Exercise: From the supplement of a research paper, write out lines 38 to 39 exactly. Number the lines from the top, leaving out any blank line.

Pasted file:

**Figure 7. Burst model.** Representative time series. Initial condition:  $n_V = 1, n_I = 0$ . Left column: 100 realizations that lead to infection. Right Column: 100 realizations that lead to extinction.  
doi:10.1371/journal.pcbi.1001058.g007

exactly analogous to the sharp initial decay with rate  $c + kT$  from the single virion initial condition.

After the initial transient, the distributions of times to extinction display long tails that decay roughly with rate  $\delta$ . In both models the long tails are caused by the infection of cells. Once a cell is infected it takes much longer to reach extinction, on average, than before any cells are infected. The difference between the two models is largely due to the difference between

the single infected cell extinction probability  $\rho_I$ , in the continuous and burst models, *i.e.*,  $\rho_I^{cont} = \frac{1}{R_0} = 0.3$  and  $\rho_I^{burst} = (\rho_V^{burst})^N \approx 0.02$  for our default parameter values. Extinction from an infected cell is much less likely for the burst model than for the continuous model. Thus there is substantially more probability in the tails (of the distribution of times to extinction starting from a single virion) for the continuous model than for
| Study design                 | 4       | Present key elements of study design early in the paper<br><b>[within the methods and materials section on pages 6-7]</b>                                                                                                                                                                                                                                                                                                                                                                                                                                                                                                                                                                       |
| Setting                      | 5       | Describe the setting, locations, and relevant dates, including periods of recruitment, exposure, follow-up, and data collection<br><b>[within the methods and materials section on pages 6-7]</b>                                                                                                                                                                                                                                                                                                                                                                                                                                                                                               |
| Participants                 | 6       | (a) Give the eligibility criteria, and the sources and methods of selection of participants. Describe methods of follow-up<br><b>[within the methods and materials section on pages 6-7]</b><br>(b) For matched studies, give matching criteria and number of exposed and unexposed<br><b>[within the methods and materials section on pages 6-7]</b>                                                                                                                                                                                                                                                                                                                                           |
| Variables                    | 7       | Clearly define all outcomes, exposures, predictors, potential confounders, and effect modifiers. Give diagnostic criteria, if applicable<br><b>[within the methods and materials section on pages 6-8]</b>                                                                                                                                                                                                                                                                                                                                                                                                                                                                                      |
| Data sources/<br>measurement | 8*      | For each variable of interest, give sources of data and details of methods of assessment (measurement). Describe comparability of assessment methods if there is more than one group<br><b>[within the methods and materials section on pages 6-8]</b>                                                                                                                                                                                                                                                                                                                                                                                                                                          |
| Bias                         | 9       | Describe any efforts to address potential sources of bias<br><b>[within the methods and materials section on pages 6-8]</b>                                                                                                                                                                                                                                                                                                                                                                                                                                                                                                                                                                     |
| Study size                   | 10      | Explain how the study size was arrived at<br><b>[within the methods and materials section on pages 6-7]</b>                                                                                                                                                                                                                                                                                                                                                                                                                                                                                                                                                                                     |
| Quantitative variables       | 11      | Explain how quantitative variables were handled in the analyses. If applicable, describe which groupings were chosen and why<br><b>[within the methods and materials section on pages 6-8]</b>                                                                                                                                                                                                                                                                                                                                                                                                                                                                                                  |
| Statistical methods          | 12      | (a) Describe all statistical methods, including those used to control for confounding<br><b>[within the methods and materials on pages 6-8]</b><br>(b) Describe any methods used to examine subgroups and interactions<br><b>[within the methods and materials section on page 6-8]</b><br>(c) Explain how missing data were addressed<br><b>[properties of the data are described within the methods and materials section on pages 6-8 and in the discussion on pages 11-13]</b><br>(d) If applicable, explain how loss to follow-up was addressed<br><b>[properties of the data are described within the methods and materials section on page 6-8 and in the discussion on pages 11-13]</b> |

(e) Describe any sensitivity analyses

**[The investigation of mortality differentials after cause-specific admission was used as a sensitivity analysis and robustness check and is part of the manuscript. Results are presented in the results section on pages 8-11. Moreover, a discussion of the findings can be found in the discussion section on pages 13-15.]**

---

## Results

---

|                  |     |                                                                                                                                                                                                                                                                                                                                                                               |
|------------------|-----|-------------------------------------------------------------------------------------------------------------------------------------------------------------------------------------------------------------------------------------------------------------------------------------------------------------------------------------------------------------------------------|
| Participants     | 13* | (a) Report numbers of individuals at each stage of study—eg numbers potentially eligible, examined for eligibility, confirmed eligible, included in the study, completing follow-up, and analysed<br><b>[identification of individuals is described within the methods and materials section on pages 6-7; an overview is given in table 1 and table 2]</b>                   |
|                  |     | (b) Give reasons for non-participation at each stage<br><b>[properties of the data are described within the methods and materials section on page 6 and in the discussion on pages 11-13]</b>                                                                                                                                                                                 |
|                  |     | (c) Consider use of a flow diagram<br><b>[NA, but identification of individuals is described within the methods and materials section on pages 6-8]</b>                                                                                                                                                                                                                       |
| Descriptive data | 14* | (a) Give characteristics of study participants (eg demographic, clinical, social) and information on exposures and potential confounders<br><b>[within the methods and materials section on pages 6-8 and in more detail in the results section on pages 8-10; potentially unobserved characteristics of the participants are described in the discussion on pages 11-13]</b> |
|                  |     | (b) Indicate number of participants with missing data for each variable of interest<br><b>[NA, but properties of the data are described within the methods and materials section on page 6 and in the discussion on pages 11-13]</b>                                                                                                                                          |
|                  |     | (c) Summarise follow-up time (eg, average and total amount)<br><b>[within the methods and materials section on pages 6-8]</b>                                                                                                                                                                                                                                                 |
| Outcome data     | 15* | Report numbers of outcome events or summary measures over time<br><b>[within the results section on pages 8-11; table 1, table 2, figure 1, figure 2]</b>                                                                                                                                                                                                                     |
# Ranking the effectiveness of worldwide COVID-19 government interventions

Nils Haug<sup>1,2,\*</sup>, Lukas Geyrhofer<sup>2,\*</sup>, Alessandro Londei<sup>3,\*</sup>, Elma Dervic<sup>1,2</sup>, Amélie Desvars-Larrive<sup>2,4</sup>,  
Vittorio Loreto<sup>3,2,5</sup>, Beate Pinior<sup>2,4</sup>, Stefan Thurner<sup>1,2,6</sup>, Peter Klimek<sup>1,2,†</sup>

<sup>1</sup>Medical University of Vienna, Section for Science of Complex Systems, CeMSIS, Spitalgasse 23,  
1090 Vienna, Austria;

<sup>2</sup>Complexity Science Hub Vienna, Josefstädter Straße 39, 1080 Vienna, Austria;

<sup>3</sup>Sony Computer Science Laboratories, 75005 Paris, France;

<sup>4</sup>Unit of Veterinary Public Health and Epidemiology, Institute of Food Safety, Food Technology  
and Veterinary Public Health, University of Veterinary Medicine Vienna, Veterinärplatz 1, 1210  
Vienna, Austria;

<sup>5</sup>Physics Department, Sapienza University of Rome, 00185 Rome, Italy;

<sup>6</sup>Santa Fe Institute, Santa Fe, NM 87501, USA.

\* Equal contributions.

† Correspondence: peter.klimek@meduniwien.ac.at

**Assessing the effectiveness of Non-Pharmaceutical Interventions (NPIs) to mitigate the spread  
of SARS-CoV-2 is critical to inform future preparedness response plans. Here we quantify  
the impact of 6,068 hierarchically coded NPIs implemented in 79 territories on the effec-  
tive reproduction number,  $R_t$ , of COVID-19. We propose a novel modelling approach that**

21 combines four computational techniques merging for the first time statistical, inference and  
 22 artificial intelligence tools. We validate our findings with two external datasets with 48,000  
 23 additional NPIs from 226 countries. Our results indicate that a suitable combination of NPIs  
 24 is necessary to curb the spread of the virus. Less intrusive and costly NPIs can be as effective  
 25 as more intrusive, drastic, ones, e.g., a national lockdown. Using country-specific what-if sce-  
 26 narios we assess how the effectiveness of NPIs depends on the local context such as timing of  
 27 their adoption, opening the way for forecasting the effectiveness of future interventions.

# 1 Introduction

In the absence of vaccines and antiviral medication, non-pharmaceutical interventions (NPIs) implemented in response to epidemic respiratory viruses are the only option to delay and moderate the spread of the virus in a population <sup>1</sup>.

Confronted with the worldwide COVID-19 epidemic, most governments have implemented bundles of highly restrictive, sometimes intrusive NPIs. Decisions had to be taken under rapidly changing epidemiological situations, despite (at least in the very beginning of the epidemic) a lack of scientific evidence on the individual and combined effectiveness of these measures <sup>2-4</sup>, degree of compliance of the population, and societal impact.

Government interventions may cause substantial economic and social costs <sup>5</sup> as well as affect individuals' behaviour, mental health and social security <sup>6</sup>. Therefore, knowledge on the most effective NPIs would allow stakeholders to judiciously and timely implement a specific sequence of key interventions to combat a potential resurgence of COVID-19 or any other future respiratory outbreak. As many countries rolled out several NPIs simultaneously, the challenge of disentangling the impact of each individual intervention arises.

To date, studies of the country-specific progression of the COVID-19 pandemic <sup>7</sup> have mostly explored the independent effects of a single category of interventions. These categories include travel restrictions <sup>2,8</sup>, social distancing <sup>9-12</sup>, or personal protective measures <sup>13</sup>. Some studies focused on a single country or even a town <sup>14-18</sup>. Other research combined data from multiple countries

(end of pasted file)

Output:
Vienna, Austria;

<sup>5</sup>Physics Department, Sapienza University of Rome, 00185 Rome, Italy;